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Resting Place

1 rating: 3.0
A movie directed by John Korty

Oscar-winning actor Morgan Freeman plays the father of a black soldier killed in Vietnam in RESTING PLACE. When the soldier's parents seek to have him buried in an all-white cemetery, an army major (John Lithgow) investigates the man's death. … see full wiki

Director: John Korty
MPAA Rating: Unrated
1 review about Resting Place

Resting Place - 1986

  • Dec 4, 2009
Pros: good performance by Lithgow

Cons: none for me

The Bottom Line:
"Another soldier gone to war
Another story told before
Now it's told again
It seems the wars will never end"
~Stephens, Tozer

Although Resting Place isn’t a new film, and it deals with issues during the Vietnam conflict, I still found it interesting. For one thing I got to see John Lithgow give a performance that wasn’t ridiculously silly and he had a more serious nature in the film. Although it doesn’t state it is based on actual events, I wouldn’t be the least surprised if these, and/or all, occurred during this time frame.

Lithgow, playing the part of Maj. Kendall Laird, was performing his assigned task, as he had done many times, accompanying the body of a fallen soldier home to his family and arrange for burial services. When reaching the relatively small town of Rockville, AR, with the body of Lt. Johnson, he met his first obstacle when the town puffs decide that Lt. Johnson could not be buried in the cemetery. The boys parents, Luther and Ada, had purchased the burial plot from their good friend, Mrs. Eudora McAlister.

Why the hang up? The cemetery was a white cemetery and Lt. Johnson was black. Mrs. McAlister didn’t let that deter her because, when her own son was killed in Vietnam, Ada Johnson came to her side and helped her through her troubles. Now she wants to honor their son, Dwayne.

It appears, from talking to a good deal of the townsfolk, Dwayne was a special sort. Highly gifted and intelligent, he attended West Point before being deployed. Beyond that even, he was a good guy. A dear friend and helpful hand to all.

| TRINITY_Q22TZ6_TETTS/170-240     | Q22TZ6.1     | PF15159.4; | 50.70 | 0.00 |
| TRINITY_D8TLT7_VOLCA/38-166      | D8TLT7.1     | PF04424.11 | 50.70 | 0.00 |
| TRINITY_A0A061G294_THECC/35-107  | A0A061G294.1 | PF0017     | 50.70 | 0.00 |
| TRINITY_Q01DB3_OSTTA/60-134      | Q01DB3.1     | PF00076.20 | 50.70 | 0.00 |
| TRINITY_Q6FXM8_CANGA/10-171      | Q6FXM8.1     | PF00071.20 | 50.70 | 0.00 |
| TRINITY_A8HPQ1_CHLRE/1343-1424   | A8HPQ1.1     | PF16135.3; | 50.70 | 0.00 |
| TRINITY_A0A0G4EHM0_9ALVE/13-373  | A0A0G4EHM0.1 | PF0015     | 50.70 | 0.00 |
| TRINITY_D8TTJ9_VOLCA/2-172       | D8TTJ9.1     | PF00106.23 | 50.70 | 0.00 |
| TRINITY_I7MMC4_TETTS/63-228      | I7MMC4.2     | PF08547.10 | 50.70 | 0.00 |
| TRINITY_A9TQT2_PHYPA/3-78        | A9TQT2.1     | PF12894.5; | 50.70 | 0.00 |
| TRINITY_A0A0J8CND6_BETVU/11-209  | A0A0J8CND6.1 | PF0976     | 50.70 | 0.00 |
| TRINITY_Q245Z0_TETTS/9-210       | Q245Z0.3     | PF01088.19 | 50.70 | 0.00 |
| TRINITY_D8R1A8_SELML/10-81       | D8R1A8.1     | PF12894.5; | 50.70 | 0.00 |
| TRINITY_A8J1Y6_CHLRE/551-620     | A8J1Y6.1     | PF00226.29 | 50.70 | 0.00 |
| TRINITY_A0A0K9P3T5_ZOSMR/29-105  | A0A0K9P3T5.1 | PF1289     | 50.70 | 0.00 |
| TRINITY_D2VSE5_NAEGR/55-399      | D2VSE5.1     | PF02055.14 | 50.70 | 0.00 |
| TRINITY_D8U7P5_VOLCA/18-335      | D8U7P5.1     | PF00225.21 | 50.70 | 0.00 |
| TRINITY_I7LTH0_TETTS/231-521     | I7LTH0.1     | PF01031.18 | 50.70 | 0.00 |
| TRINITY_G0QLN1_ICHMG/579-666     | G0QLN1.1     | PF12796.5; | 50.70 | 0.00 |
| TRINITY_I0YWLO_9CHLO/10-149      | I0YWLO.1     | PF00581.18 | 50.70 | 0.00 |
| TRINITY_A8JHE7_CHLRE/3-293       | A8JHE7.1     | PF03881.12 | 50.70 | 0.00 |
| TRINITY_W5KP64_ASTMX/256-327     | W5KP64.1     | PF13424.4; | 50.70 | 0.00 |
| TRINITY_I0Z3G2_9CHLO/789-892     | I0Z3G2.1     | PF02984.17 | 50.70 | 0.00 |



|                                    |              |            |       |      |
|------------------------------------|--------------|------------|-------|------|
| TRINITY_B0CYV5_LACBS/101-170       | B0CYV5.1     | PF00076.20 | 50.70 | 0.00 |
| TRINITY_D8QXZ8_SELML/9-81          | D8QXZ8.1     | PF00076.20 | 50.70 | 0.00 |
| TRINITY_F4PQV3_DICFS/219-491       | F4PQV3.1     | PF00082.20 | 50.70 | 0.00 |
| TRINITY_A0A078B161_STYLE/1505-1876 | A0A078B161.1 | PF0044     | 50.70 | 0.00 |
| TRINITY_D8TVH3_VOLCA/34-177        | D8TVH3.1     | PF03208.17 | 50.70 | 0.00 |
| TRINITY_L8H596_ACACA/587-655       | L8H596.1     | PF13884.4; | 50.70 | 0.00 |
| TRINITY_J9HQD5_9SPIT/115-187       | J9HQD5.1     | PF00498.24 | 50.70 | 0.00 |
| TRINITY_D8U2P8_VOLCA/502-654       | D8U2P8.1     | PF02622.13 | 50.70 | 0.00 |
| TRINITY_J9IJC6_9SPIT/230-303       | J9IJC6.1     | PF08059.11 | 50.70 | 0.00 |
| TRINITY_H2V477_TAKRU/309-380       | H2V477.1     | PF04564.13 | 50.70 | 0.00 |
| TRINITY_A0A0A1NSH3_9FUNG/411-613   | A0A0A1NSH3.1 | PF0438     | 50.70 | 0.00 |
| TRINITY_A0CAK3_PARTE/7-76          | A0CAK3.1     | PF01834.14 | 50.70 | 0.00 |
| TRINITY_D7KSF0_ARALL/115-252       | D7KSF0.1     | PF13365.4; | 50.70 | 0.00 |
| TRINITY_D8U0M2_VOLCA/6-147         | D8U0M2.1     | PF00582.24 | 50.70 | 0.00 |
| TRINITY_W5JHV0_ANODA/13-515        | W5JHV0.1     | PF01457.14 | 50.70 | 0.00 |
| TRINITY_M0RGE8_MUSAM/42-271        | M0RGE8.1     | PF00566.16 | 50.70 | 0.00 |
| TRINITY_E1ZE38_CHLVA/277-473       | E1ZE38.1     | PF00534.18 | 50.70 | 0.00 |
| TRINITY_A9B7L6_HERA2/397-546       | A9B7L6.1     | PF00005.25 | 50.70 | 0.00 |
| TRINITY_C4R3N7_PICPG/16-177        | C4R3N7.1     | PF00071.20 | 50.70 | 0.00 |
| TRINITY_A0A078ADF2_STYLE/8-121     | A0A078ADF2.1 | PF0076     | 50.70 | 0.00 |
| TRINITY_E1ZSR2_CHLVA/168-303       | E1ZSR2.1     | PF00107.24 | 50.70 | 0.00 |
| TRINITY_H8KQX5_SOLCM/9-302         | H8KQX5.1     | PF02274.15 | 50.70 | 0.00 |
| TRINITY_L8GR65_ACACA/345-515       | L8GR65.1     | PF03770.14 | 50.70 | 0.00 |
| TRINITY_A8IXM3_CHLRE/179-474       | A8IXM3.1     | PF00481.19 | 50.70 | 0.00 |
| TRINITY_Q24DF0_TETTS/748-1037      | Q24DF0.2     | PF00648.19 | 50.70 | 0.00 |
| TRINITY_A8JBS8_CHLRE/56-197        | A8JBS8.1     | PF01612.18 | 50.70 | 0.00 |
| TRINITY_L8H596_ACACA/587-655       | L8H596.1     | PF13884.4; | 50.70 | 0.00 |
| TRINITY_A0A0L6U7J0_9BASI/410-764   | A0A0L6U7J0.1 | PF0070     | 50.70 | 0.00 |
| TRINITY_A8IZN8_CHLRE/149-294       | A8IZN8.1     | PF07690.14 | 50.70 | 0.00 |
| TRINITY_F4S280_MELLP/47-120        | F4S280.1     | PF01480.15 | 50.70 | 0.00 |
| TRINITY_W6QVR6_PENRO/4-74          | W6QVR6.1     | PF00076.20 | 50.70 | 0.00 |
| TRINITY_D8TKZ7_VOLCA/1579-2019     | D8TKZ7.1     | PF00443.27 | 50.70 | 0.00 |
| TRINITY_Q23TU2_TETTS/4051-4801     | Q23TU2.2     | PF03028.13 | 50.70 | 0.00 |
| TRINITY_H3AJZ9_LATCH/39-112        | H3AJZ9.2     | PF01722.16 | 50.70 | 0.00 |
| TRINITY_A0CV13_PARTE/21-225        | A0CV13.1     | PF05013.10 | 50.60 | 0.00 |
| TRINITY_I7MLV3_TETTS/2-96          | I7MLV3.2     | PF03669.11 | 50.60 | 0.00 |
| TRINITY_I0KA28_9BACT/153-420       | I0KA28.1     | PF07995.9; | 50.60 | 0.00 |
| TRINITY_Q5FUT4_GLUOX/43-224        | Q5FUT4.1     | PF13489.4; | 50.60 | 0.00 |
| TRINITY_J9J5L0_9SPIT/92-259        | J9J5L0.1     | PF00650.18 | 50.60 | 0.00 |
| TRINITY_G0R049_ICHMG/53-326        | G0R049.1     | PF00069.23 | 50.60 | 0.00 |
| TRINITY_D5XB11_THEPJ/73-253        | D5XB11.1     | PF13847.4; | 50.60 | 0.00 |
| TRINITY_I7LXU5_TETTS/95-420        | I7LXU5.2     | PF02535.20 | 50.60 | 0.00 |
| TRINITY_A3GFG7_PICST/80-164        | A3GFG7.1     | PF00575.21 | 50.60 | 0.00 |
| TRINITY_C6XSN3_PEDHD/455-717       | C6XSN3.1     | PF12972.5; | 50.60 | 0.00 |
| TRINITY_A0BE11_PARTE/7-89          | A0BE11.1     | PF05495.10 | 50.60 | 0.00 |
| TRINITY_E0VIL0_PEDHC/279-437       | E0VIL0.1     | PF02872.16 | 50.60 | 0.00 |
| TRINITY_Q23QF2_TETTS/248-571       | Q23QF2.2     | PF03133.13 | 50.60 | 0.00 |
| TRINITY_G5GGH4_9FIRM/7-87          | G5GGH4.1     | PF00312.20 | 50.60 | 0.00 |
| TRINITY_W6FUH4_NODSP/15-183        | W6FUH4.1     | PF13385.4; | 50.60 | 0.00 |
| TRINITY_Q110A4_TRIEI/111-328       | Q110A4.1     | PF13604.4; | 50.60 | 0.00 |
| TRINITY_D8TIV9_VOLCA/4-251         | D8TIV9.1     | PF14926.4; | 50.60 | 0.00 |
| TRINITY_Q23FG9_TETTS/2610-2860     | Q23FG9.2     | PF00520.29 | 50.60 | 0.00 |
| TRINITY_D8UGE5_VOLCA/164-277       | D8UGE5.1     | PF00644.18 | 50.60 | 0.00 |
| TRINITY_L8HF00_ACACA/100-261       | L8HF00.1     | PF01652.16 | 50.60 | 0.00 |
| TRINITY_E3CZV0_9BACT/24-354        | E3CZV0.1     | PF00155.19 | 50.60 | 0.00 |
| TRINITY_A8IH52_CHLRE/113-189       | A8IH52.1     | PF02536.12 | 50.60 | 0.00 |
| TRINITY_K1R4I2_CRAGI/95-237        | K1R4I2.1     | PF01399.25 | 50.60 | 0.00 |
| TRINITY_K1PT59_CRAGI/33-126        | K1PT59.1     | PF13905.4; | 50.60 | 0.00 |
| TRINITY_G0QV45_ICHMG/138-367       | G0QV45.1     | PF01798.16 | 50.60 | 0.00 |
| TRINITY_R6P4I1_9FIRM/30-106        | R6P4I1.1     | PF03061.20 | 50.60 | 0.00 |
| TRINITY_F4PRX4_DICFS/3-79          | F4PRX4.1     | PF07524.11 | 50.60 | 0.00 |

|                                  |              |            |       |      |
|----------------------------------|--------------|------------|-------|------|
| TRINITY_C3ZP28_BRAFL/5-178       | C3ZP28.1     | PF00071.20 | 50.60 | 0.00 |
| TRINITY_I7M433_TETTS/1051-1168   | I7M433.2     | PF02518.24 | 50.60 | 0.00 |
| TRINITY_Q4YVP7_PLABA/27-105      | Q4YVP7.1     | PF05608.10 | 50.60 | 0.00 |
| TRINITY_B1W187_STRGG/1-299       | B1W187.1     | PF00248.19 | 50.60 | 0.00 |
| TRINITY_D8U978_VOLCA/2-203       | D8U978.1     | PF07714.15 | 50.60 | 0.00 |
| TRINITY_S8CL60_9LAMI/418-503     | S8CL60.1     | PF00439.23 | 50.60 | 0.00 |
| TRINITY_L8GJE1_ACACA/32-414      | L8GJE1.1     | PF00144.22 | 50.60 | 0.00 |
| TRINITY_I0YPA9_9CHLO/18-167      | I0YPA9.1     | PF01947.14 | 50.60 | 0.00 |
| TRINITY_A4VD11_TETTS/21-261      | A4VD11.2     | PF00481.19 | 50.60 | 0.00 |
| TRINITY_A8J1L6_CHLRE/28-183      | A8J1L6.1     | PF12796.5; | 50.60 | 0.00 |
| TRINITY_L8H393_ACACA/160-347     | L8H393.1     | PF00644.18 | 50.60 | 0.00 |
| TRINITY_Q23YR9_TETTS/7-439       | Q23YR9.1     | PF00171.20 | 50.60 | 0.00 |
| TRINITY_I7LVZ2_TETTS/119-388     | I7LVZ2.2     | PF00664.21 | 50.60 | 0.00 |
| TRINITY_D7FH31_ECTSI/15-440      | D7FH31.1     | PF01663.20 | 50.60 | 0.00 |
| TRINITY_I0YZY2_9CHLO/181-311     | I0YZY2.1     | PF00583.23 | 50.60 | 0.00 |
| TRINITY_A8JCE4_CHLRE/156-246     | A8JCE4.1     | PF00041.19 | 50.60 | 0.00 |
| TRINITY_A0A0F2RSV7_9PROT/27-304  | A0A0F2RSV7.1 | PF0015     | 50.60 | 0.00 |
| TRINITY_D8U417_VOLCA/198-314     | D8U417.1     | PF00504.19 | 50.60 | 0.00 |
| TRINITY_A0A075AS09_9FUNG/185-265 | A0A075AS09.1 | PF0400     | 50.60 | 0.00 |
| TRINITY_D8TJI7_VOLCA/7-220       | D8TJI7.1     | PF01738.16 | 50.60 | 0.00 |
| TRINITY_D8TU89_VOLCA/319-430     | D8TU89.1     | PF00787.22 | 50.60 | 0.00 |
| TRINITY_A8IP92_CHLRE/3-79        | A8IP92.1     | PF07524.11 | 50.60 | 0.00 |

Once it got into the heads of the town puffs that the Lt. would not be in their pristine ground, a small editorial was published in the local paper. Not to bring dishonor to either side, simply expressing views. When Maj. Laird approached the editor and told him the Lt. was nominated for the Silver Star from the men that served under him, the editor told him to get some facts together and he’d print them too.

What started out to be the usual assignment took a darker turn once Maj. Laird starting talking to troops that served under Lt. Johnson, a mysterious and ominous story begins to form.

While this probably wouldn’t be a story that today’s world might enjoy, no action at all, it is still an interesting study of an era and attitude that I hope will someday be completely erased. Growing up and living most of my life in the north, the racial attitude was and still is entirely different than in the south. Coupled with this, we, in this film, are dealing with a conflict that already had so much turmoil around it and around the soldiers that served.

Losing one’s child is grim enough without the burden of facing a color line when all you want to do is put them to rest. Seriously, does the soil care what color you are? This film was nominated for 3 awards which included one for Lithgow for his performance. It shows no rating on IMDB. The film was directed by John Korty; written by Walter Halsey Davis and originally aired on television. The DVD had no extras.

Morgan Freeman played the part of Luther Johnson, the father. He carried almost a beaten attitude to his persona, like someone that is accustomed to facing life on the other side of the color line. He portrayed both love and compassion for his wife, deep loyalty to his sons memory, and a determination to follow through on the burial plans.

Joining Freeman was CCH Pounder as Ada Johnson, the mother. Bereft and beaten is all I can say about her performance. Several shots had no spoken words, just the hint of a trail of tears flowing down her cheeks said a hell of a lot more than a few words would. Neither she or Freeman had that much screen time but what they had they delivered.

Mrs. Eudora McAlister was primly and properly portrayed by Frances Sternhagen. One had no problem seeing her in this role as either the outspoken and staunch friend or the prim matron. M. Emmett Walsh had a small role as Maj. Laird’s buddy and advisor, Sarge.

This leaves us with John Lithgow as the last major performer, Maj. Kendall Laird. His very carriage wore well in the military uniform and he showed a determined characterization to investigate and bring to right both the life and death of Lt. Dwayne Johnson, as well as his burial. Again, I really appreciated him in this role as he took on the racial implications as well as military protocol.



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